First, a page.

I just finished reading Dana Mackenzie's book The Universe in Zero Words. The reading was interrupted by the necessary sleep, meals, perfunctory answering email - and that's about it. It was a very absorbing reading, even though most of the material was not new to me. The subtile of the book The Story of Mathematics as Told Through Equations gives one a pretty good idea what the book might be about. The book presents a rather coherent story in 24 chapters that runs through more than 2500 years.
Dana Mackenzie is indeed a very good story-teller. The book engagingly lays down historical and cultural aspects of mathematical evolution, starting with the significance of simple equations 1+1=2 and 1-1=0, and reaching to the modern times when math equations gained predictive powers in physics (Dirac's equation) and explained and even influenced economic developments (Black-Scholes equation.)
Development of mathematics has always required imagination, intuition, and often daring to break up with tradition or to stand up to the establishment. Mackenzie weaves skillfully human element - short biographies, anecdotes, confrontations - into the story. Among the less known examples is Lagrange's objection to the publication of Fourier's treatise that introduced the notion of spectra and Max Plank's doubts as to the validity of Einstein's light-quanta hypothesis. Among the amazing anecdotes is the crucial role played by cigar smoke in verification of the quantum theory. The reason Paul Dirac has agreed to accept the 1933 Nobel Prize was to avoid publicity which would he drawn to him if he refused the prize.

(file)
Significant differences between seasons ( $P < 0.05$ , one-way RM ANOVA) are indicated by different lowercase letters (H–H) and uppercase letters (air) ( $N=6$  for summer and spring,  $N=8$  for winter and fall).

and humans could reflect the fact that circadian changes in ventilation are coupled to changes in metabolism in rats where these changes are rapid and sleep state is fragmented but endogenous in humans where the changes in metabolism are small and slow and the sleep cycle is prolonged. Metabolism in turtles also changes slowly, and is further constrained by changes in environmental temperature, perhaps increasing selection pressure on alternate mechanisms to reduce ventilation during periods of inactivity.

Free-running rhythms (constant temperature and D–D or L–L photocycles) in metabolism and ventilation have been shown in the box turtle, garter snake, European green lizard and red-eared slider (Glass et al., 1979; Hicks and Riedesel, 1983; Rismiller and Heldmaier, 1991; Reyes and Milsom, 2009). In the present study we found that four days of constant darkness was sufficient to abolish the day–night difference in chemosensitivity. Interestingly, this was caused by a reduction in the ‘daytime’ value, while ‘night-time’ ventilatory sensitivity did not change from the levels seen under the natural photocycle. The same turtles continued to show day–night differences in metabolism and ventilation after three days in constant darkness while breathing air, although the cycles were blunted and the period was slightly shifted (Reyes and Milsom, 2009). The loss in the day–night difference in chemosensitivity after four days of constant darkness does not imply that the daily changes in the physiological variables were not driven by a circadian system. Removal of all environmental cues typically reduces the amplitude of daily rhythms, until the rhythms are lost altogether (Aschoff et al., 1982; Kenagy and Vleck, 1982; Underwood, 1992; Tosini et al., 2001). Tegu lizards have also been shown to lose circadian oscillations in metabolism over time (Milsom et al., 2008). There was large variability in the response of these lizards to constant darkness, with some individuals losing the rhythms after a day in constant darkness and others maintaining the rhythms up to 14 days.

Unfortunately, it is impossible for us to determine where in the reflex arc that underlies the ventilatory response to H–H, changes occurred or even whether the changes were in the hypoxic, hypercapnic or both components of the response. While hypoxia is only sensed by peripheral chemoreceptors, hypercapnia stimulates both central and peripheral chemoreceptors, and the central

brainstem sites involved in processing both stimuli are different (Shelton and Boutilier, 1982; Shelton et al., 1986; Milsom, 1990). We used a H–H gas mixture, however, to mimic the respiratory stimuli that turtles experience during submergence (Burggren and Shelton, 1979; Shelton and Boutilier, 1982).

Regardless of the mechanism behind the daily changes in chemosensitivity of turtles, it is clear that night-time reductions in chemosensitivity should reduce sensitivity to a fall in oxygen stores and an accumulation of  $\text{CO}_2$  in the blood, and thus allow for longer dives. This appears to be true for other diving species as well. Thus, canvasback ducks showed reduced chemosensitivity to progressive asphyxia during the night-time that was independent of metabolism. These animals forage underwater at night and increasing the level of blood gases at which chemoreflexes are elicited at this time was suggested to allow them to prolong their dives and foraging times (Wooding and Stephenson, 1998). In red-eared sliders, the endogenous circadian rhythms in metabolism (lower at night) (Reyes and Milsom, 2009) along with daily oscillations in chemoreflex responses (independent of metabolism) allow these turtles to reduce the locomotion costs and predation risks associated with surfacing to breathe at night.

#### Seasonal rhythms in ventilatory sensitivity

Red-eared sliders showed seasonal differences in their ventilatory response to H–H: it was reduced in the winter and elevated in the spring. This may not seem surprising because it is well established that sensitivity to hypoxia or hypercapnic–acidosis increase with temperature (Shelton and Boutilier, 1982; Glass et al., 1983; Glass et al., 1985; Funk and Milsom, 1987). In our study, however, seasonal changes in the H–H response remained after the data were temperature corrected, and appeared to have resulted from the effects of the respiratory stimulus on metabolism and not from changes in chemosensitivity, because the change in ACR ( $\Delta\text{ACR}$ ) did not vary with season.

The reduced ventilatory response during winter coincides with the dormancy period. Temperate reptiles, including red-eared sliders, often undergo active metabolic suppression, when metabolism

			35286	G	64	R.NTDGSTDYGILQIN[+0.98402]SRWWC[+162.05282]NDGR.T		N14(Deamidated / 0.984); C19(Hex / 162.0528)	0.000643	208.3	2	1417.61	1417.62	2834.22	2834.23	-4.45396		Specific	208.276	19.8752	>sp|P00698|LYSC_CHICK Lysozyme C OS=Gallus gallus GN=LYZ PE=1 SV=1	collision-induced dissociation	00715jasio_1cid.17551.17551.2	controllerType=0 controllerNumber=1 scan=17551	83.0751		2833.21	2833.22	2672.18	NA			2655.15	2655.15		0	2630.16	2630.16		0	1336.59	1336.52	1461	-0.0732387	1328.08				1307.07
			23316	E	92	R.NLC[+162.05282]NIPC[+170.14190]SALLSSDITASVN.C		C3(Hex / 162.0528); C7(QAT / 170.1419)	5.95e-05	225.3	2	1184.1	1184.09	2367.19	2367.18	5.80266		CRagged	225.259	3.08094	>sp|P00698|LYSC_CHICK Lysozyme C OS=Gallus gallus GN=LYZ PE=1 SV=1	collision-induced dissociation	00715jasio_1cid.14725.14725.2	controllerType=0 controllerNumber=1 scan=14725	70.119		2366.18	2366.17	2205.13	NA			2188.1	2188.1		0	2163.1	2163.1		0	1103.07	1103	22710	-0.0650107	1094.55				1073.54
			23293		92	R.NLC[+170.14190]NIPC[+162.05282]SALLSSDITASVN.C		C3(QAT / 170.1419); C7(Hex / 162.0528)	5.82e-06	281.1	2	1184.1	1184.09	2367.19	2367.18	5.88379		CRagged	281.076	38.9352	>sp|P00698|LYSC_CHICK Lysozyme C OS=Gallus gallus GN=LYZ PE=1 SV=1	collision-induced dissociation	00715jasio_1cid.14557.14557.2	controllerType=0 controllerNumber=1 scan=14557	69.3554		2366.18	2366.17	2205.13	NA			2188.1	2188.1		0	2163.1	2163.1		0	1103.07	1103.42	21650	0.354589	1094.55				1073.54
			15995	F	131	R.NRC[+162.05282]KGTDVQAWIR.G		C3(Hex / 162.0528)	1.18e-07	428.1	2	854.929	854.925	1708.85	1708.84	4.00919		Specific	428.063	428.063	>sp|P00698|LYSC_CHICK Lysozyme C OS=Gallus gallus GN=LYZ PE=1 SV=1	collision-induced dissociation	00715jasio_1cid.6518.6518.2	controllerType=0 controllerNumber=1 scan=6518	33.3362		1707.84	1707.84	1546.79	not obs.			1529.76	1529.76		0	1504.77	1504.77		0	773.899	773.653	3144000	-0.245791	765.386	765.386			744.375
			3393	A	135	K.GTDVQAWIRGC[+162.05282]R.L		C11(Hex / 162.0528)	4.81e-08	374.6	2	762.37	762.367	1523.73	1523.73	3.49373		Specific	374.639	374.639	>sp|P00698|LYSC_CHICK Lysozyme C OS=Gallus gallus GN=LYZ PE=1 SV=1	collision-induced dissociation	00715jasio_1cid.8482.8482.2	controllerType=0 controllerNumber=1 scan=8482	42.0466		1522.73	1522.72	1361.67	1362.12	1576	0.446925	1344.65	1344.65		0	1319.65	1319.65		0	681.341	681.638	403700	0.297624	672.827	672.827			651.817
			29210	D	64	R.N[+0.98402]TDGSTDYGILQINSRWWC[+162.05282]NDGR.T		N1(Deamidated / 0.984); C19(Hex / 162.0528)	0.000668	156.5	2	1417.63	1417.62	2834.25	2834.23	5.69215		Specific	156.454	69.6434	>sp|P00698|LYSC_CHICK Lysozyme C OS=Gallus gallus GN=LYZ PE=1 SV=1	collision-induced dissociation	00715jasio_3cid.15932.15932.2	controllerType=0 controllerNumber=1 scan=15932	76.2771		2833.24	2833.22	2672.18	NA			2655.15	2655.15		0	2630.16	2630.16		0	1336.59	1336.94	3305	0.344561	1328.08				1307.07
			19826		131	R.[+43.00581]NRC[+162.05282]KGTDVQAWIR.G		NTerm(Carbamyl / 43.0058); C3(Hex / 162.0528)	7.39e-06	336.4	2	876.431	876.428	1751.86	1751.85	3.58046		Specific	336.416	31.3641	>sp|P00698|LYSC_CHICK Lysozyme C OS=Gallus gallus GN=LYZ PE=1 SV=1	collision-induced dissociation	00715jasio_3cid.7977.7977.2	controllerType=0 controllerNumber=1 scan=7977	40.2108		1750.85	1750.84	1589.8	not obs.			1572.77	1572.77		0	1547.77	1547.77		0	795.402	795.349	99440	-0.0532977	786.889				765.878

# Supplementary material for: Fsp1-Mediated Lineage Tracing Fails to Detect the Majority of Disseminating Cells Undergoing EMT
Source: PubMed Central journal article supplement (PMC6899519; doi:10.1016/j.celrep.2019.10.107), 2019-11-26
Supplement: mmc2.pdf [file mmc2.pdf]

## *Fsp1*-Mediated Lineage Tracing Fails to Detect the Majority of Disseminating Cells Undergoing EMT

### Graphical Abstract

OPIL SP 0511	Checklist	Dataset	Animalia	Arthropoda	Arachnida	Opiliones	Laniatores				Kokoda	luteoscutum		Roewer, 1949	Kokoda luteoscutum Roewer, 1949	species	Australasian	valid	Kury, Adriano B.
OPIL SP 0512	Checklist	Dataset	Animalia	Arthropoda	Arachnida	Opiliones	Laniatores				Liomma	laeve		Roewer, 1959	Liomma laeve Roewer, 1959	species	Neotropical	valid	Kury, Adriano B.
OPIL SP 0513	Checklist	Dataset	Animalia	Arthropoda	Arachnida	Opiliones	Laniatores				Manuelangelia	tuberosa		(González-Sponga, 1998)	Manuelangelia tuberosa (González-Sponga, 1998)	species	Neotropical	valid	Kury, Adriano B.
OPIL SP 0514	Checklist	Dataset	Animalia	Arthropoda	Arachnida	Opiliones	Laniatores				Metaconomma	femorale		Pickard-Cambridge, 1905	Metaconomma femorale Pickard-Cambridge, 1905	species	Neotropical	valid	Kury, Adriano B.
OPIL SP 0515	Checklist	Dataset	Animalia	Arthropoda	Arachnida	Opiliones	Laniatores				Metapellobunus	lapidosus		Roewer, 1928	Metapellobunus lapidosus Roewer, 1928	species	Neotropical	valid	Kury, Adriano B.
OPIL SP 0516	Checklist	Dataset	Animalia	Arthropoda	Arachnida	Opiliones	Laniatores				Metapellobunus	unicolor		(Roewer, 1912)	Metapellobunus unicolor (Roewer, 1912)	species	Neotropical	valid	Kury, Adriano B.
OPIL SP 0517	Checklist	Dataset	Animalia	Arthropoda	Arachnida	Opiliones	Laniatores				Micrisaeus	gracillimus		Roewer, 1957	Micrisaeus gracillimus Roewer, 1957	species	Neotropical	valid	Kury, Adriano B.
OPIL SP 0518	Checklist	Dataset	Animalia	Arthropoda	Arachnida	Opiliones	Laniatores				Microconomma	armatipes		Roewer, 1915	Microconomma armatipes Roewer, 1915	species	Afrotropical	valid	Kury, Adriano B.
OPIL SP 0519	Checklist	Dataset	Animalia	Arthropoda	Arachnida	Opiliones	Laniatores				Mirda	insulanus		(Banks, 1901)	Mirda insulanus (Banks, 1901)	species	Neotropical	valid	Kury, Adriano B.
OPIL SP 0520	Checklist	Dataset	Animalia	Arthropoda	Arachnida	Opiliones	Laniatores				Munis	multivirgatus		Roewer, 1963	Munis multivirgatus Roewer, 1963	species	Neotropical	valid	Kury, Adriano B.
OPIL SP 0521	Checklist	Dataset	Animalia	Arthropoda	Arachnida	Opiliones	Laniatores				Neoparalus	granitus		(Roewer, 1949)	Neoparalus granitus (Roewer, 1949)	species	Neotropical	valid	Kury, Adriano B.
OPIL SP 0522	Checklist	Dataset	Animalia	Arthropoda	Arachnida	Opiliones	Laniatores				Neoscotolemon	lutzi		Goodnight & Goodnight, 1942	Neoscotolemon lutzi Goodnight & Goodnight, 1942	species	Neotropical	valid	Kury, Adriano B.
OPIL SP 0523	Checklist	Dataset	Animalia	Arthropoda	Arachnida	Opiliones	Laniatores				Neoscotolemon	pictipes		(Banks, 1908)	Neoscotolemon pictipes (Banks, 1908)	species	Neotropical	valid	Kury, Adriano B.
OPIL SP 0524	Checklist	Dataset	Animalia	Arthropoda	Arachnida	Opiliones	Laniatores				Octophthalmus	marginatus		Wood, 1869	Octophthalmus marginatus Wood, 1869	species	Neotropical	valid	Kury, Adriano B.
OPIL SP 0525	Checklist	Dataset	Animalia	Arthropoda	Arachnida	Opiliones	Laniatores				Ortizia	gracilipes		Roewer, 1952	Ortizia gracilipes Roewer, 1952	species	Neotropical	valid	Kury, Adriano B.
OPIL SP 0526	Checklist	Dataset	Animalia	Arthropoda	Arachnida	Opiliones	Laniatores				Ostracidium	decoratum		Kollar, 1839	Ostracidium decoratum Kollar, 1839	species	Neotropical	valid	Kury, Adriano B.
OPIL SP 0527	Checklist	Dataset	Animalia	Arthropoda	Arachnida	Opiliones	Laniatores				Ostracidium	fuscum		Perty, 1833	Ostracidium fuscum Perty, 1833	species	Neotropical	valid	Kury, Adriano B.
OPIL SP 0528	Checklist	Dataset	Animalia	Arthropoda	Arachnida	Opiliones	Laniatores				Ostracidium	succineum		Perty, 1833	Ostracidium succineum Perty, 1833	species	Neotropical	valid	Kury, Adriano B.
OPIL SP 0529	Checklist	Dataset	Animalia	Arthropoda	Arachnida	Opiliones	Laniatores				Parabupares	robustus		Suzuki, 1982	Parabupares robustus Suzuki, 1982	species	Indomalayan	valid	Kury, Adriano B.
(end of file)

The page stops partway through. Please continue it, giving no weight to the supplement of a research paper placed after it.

As could be expected, equations play a leading role in the book. There is nothing scary about that. Equations embody relationships between the phenomena they describe and the parameters on which those phenomena depend. The author's focus on explaining the phenomena - which he does exceptionally well - makes the dignificance of the equations very clear, even to the reader without math background.
So what do you have here? 200 pages, 24 equations, 1 endearing and well told story. I wholeheartedly recommend the book.
- D. Mackenzie, The Universe in Zero Words: The Story of Mathematics as Told Through Equations, Princeton University Press, 2012